Previous iterations of the Home for the Holidays program have focused on issues such as long-distance caregiving, social isolation, and loneliness, as well as strategies to help older adults transition to no longer driving.
If you are going home for the holidays to visit mom and dad and it’s been a while, then it might also be the perfect time to check in with them to see how they’re doing.
It’s with that in mind that a national campaign was born more than ten years ago with the focus of bringing up important issues for older adults in time for the holidays, raising awareness, and promoting dialogue among families when they’re most likely to be together.
This year’s Home for the Holidays education campaign, which is organized through a partnership between the National Association of Area Agencies on Aging, the Eldercare Locator, and the U.S. Administration for Community Living, has set its sights on home modification for those looking to age in place while retaining as much independence for as long as possible.
“The Home for the Holidays campaign started because we recognized that during the holiday season, adult children come home and they may see that mom or dad have some issues that they didn’t see the last time,” said Sandy Markwood, CEO of the National Association of Area Agencies on Aging. “It’s an opportunity to create a framework for a discussion around issues and also a pathway to help get those issues resolved.”
This year’s theme of home modification, she said, really grew out of research done by the University of Southern California’s Leonard Davis School of Gerontology, which showed it as an area of increasing need among older adults.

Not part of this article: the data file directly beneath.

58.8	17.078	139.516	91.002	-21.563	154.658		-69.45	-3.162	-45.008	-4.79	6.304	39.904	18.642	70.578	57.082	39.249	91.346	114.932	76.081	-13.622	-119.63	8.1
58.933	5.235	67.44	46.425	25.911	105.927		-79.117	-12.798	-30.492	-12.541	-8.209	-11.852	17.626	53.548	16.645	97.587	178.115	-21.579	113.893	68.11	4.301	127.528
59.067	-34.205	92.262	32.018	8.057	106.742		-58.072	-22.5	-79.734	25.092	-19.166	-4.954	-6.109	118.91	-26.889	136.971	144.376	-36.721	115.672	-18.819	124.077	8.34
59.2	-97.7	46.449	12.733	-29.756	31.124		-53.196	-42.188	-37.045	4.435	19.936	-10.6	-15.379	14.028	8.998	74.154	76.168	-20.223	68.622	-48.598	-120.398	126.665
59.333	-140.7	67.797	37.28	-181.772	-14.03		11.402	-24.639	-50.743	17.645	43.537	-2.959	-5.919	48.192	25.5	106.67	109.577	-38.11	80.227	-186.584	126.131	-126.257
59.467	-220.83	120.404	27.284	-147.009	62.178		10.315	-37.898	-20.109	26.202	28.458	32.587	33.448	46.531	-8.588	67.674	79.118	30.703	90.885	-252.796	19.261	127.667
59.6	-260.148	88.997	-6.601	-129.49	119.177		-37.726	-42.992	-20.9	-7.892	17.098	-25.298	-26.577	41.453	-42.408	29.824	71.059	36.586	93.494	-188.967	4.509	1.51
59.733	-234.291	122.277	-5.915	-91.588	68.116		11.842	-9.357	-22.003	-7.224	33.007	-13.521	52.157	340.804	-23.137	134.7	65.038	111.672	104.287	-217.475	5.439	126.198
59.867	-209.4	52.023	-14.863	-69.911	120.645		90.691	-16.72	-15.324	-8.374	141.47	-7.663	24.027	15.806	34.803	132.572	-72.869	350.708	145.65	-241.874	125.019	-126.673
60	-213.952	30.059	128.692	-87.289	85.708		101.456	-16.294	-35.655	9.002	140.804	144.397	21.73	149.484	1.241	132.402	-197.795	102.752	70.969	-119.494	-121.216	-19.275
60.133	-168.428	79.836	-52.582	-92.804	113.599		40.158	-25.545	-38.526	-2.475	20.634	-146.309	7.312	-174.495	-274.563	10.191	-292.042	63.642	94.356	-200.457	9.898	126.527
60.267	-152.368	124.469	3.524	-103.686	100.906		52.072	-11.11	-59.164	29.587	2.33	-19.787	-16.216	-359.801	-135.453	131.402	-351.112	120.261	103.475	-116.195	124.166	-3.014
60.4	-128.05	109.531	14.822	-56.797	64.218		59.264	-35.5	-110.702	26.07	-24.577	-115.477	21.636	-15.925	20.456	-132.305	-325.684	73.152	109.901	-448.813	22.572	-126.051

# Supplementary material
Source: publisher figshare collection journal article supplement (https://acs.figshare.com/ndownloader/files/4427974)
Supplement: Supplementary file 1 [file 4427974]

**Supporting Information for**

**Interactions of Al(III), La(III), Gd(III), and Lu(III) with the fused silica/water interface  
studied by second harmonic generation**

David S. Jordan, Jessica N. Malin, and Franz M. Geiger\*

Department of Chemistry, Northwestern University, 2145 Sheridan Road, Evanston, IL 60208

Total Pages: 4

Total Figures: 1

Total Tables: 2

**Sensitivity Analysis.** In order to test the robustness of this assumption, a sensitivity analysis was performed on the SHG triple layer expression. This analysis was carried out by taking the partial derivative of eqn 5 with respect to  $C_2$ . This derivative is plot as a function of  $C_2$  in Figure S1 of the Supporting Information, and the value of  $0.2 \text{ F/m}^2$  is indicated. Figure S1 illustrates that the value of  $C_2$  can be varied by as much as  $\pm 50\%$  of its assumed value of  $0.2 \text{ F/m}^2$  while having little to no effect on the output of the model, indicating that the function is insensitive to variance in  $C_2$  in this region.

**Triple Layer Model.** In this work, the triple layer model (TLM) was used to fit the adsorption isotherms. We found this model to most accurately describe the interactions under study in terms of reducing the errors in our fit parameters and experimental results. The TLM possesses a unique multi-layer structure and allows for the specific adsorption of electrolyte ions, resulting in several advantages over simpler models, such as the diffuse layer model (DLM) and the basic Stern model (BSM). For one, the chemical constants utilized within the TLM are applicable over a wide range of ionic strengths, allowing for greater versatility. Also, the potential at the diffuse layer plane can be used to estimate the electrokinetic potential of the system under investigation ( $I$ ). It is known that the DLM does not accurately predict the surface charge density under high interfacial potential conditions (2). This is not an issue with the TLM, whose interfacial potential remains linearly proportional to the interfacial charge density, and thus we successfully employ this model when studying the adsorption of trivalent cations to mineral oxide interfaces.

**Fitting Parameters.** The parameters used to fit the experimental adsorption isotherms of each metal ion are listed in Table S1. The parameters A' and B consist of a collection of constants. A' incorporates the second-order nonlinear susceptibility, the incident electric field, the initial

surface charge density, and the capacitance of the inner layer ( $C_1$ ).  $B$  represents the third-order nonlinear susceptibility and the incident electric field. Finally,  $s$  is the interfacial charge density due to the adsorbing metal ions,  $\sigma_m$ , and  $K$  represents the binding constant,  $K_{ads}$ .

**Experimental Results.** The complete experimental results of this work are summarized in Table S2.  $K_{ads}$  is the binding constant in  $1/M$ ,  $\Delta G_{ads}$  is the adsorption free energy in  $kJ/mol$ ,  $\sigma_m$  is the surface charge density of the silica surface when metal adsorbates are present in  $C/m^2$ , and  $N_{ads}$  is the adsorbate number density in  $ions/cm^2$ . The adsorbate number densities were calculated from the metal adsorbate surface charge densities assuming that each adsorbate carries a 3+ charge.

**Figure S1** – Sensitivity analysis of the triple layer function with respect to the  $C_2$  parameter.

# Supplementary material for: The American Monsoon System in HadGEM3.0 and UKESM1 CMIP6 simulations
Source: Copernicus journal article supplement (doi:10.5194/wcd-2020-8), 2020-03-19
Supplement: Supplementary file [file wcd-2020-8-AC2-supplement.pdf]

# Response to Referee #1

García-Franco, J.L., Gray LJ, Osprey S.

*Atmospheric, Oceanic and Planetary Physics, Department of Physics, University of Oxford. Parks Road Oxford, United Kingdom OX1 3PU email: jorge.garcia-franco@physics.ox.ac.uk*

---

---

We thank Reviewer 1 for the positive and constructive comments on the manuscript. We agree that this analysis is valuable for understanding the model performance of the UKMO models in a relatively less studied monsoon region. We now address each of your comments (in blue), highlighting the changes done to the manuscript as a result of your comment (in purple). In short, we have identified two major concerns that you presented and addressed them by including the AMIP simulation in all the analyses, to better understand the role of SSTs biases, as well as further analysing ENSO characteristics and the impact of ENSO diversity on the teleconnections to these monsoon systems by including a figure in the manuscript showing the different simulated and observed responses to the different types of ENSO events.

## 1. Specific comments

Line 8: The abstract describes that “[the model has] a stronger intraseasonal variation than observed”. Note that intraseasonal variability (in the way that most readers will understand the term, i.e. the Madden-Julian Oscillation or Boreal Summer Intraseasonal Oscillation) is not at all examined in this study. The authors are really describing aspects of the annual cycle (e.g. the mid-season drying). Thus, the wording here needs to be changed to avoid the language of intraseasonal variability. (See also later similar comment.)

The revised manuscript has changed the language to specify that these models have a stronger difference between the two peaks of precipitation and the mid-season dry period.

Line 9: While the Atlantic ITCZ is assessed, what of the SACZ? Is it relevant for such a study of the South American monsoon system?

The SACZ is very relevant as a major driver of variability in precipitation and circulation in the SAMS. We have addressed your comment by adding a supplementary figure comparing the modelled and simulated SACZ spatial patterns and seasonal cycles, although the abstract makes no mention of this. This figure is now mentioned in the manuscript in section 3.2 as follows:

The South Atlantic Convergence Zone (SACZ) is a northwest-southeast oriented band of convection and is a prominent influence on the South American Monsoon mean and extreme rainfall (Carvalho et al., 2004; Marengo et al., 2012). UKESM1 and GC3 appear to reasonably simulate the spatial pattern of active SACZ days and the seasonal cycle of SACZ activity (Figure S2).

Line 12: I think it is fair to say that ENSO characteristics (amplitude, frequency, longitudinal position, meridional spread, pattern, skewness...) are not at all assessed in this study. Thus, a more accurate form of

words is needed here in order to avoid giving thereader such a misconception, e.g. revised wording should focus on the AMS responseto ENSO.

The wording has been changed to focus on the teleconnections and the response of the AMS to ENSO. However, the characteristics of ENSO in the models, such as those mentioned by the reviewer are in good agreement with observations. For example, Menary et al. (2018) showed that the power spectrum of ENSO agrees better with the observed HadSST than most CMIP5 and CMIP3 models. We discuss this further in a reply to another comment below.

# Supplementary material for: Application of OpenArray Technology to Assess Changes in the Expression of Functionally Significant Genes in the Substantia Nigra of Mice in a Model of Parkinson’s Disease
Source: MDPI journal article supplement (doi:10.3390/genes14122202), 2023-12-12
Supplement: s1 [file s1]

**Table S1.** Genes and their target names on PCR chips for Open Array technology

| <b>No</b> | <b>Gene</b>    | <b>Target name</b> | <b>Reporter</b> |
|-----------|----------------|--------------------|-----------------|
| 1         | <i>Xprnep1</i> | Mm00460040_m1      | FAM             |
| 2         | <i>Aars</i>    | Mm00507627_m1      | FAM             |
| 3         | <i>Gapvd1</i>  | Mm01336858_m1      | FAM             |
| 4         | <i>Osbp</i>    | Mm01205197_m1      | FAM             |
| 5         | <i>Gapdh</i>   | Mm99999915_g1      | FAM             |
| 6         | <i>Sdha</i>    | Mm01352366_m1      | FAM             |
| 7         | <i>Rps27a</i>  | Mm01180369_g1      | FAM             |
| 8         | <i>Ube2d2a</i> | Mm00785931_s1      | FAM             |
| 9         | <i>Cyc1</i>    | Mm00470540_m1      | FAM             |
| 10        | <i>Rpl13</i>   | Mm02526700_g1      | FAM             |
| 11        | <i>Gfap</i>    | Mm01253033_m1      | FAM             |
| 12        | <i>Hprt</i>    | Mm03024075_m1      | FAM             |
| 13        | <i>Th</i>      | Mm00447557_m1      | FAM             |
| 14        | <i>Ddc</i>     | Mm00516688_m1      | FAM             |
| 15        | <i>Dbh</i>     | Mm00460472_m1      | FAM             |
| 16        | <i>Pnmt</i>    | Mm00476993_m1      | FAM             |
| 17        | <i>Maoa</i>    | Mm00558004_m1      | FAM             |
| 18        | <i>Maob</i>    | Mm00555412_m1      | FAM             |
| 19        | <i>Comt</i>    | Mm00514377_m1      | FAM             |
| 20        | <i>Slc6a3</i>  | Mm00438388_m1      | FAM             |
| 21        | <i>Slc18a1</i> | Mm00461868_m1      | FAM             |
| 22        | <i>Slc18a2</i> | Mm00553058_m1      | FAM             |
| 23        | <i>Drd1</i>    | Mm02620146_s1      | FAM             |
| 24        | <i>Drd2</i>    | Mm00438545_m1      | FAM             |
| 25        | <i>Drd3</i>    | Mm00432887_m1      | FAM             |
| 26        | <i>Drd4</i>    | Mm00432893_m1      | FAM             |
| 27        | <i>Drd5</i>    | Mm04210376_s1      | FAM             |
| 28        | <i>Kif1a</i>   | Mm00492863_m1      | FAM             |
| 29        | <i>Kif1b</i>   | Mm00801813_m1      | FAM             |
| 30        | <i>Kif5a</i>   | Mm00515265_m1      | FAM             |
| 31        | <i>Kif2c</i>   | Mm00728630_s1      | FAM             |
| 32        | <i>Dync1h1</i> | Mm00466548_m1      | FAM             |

That was reinforced by the growing number of calls on the topic made to the Eldercare Locator, a national hotline that acts as a resource to connect older adults to local programs designed to help them age safely.
“People want to stay in their homes, but their homes aren’t meeting their needs,” said Markwood. “People are concerned about what changes they need to make and whom to go through to make these modifications, and it can be confusing and overwhelming.”
To help educate the public about this year’s issue, the National Association of Area Agencies on Aging has produced a consumer brochure called “Modifying Your Home for Healthy Aging” and a toolkit containing resources that organizations in the Aging Network can use to educate communities about home modification.
Among the lessons in the brochure is that not every home modification has to be a large undertaking or a significant expense. There are little things that can be done, such as removing rugs, installing better lighting, and using nonskid carpets, which can go a long way toward improving your quality of life. Even something like grab bars can help someone tremendously when it comes to safely navigating their own home.
The brochure, she said, is just meant as a starting point for older adults who are curious about looking into home modifications, but also includes “links to more in-depth resources that will help guide you through the process once you are ready to be engaged.” From there, Markwood recommends that you call the Eldercare Locator, which can then help further guide you along the journey by connecting you with the right local resources for the job.
You can find the brochure and additional resources at n4a.org. For more information, call The National Call Center for the Eldercare Locator at 1-800-677-1116 or visit them at eldercare.acl.gov. The call center operates five days a week from 9 a.m. to 8 p.m.